Ikeja, Nigeria: The Nigerian Dream

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Ikeja, Nigeria: The Nigerian Dream

I was born in Enugu state, Nigeria. When I was barely three years old, my family (Dad, mom, siblings and 2 maids) moved across the country to Lagos State in search of greener pastures. I spent most of my childhood and all of my teenage years in Ikeja, and I surely feel at home here.

Coming to Lagos is the average Nigerian’s dream, just like moving to New York or Los Angeles is for the rest of the world. There is a kind of respect a Lagos resident commands, which is not the case for people from other parts of the country. My family and I lived in a three-bedroom apartment in the capital of Lagos State, Ikeja. My dad took the master bedroom; my mom also took a room for herself, while I, my elder siblings and the maids took the last room, which was also the smallest.

Ikeja is a small urban area with lots of people. It is located in the heart of Lagos State and houses most of the state government residences and secretariats.

My primary and secondary education was in Lagos proper. I remember it was less rowdy then than it is now, but there was so much competition. I could remember that my siblings and I were always put under pressure to excel in school against all odds.  The competition was intense and our failure to meet our parents’ standards was severely punished.

Ikeja is a multi-ethnic, multi-religious and multicultural area. No particular group can lay claim to Lagos in general. Unlike in other parts of Nigeria, tribalism is at its barest minimum.


In those days, our parents were very protective of us because of the rampant cases of ritual killings and kidnappings. We were not allowed to visit friends or relatives on our own without an adult accompanying us. Many people believed that ritual killings (i.e. sacrificing a person or a body part to some god) would make them rich. Parents were advised to keep watch over their children because children were the most vulnerable – and my parents did just that.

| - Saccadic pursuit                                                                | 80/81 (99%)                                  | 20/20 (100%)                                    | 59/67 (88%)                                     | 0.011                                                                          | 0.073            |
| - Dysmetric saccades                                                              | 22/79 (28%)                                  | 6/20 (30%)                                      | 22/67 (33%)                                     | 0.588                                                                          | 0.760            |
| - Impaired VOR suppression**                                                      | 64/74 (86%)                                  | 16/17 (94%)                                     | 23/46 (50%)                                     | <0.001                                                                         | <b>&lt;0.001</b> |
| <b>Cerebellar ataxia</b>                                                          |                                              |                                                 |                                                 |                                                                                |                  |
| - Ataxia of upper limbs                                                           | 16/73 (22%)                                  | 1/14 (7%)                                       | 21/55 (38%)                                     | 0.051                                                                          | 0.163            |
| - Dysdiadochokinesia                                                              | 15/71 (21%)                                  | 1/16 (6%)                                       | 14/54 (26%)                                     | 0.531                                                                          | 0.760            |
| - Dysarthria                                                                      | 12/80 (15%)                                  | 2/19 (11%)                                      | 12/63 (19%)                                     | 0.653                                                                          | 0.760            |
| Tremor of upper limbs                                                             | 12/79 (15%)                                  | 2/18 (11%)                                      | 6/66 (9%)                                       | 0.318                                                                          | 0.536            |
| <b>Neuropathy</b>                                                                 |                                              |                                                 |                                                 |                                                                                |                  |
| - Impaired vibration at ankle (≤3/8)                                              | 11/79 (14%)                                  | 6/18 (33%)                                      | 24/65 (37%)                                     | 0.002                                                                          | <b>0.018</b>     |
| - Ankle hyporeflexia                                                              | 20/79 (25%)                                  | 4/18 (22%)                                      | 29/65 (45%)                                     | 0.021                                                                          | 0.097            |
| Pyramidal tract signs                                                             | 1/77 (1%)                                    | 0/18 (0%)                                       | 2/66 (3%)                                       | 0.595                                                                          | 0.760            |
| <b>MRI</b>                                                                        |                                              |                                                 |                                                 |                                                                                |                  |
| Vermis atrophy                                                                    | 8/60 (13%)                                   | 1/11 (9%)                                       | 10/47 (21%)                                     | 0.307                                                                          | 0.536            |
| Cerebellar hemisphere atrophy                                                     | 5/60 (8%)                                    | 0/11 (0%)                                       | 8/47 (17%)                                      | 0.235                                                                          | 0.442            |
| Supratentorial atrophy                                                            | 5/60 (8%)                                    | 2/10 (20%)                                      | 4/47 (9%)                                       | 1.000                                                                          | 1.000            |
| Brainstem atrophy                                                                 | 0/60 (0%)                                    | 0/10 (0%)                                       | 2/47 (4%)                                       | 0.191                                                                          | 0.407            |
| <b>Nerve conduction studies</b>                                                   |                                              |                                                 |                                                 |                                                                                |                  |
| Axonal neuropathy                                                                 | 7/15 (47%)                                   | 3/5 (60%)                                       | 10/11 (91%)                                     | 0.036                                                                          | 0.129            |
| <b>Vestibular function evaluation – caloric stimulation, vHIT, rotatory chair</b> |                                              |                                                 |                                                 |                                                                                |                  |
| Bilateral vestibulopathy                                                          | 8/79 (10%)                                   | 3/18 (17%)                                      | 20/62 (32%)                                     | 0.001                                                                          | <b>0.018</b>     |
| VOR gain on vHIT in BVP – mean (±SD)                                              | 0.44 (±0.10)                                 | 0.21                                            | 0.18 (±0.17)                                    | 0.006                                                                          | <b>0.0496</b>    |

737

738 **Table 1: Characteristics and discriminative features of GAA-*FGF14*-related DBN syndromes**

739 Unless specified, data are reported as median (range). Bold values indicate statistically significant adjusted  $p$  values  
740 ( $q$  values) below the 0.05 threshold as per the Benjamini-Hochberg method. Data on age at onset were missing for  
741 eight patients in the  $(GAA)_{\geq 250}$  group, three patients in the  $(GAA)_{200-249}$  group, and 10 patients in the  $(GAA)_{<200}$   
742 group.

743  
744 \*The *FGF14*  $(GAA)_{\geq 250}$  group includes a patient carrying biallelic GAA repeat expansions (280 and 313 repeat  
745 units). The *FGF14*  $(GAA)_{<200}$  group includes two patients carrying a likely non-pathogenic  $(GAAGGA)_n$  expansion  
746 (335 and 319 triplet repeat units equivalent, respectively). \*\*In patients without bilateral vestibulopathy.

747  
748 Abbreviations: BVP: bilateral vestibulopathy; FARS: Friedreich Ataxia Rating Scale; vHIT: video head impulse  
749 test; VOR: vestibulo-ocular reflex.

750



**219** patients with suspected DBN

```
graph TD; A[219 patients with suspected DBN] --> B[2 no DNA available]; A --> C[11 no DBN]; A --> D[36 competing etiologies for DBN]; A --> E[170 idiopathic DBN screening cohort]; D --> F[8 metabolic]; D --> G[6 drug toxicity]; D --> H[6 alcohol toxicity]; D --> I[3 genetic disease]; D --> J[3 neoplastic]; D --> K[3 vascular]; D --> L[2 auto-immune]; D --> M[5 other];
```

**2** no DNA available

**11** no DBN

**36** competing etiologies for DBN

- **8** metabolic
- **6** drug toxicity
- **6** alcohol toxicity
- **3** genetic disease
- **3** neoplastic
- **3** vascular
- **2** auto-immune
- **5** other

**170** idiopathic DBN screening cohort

My dad was a banker, while my mom was a full-time housewife. In the morning, dad with his driver dropped me and my older siblings at school while my mom came to fetch us in the afternoon. Back then, it was very rare to see women go to work in the morning, just like men. We were used to seeing our mothers clean, cook and wash, but today that is no longer the case.

We had (and still have) the best of everything Nigeria had to offer. From job opportunities to decent social amenities to great schools and hospitals and a good transportation system. But development like this also attracts many social vices. The city of Lagos used to be a den for some of the greatest criminals in Nigerian history.

One thing about Ikeja that I really disliked was the way jungle justice was carried out in broad daylight. It was not an unusual occurrence to see a mob burning or killing an accused thief or kidnapper in the full glare of the public. A little boy was once burnt simply because he stole apples. A group of robbers were also burnt on my street. Even when I was young, I knew that taking the law into your own hands in such a savage manner was very wrong! Some of these killings even happened in the presence of security officers, but many Nigerians do not have faith in the security agencies.

I also didn’t like the erratic electricity supply, which is still the case today. We didn’t use electricity very often and I could remember my joy when my father finally bought a generator.

A very common sight back then, and even today, was child hawkers. It is not uncommon to see children as young as five hawking in traffic with a big tray on their heads, and this saddens me a lot.

Ikeja House

Ikeja House

There is also a popular ritual that used to happen regularly back then. It is called the ‘Oro’ festival. It mostly occurs at night and women are forbidden to see it – women who see it will have to die. An announcement is made some weeks or days before the festival, warning women especially to stay in their houses. There are not a few horror stories of women who allegedly saw the ‘oro’ and died. Young girls like me were specifically warned to be careful of the ‘oro’.

Ikeja is a multi-ethnic, multi-religious and multicultural area. No particular group can lay claim to Lagos in general and, unlike other parts of Nigeria, tribalism is at its barest minimum. For me, Ikeja is home. It holds a special place in my life that no other city in the world is likely to replace.

Also check out, Living in Lagos.



Nchee is a microbiologist and writer from Nigeria. She loves travelling and meeting new people, irrespective of where they come from.

1 Comment

  • Erika

    Thank you for sharing your story.

    June 4, 2017 at 3:48 pm